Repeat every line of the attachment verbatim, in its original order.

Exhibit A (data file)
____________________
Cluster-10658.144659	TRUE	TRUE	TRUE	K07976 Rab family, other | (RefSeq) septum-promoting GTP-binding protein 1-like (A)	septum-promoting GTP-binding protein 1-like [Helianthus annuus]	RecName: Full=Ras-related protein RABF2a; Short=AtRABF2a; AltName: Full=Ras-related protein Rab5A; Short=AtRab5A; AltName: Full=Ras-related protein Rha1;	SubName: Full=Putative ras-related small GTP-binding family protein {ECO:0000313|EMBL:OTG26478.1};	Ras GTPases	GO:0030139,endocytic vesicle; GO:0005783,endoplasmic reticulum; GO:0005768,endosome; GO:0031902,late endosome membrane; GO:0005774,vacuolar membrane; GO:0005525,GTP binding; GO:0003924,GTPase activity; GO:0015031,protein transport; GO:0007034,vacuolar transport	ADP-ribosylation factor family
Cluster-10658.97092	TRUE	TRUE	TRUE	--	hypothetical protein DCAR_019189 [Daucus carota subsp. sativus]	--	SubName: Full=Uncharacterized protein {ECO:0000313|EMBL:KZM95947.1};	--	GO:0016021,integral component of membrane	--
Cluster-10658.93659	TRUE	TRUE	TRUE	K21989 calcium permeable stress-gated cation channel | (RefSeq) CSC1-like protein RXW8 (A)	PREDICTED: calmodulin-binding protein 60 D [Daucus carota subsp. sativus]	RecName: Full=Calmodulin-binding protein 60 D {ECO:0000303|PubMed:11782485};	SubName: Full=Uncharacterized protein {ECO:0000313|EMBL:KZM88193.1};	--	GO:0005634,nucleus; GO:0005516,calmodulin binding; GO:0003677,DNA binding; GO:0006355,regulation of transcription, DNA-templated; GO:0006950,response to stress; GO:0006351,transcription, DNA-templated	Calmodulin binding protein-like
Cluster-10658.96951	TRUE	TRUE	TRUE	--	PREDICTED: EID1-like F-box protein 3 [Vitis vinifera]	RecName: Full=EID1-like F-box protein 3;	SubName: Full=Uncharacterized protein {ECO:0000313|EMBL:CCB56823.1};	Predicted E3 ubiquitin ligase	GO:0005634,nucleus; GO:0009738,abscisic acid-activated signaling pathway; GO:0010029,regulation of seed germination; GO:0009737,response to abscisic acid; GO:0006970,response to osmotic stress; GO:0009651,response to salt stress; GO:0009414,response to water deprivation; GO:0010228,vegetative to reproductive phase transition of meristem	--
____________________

Cluster-10658.144659	TRUE	TRUE	TRUE	K07976 Rab family, other | (RefSeq) septum-promoting GTP-binding protein 1-like (A)	septum-promoting GTP-binding protein 1-like [Helianthus annuus]	RecName: Full=Ras-related protein RABF2a; Short=AtRABF2a; AltName: Full=Ras-related protein Rab5A; Short=AtRab5A; AltName: Full=Ras-related protein Rha1;	SubName: Full=Putative ras-related small GTP-binding family protein {ECO:0000313|EMBL:OTG26478.1};	Ras GTPases	GO:0030139,endocytic vesicle; GO:0005783,endoplasmic reticulum; GO:0005768,endosome; GO:0031902,late endosome membrane; GO:0005774,vacuolar membrane; GO:0005525,GTP binding; GO:0003924,GTPase activity; GO:0015031,protein transport; GO:0007034,vacuolar transport	ADP-ribosylation factor family
Cluster-10658.97092	TRUE	TRUE	TRUE	--	hypothetical protein DCAR_019189 [Daucus carota subsp. sativus]	--	SubName: Full=Uncharacterized protein {ECO:0000313|EMBL:KZM95947.1};	--	GO:0016021,integral component of membrane	--
Cluster-10658.93659	TRUE	TRUE	TRUE	K21989 calcium permeable stress-gated cation channel | (RefSeq) CSC1-like protein RXW8 (A)	PREDICTED: calmodulin-binding protein 60 D [Daucus carota subsp. sativus]	RecName: Full=Calmodulin-binding protein 60 D {ECO:0000303|PubMed:11782485};	SubName: Full=Uncharacterized protein {ECO:0000313|EMBL:KZM88193.1};	--	GO:0005634,nucleus; GO:0005516,calmodulin binding; GO:0003677,DNA binding; GO:0006355,regulation of transcription, DNA-templated; GO:0006950,response to stress; GO:0006351,transcription, DNA-templated	Calmodulin binding protein-like
Cluster-10658.96951	TRUE	TRUE	TRUE	--	PREDICTED: EID1-like F-box protein 3 [Vitis vinifera]	RecName: Full=EID1-like F-box protein 3;	SubName: Full=Uncharacterized protein {ECO:0000313|EMBL:CCB56823.1};	Predicted E3 ubiquitin ligase	GO:0005634,nucleus; GO:0009738,abscisic acid-activated signaling pathway; GO:0010029,regulation of seed germination; GO:0009737,response to abscisic acid; GO:0006970,response to osmotic stress; GO:0009651,response to salt stress; GO:0009414,response to water deprivation; GO:0010228,vegetative to reproductive phase transition of meristem	--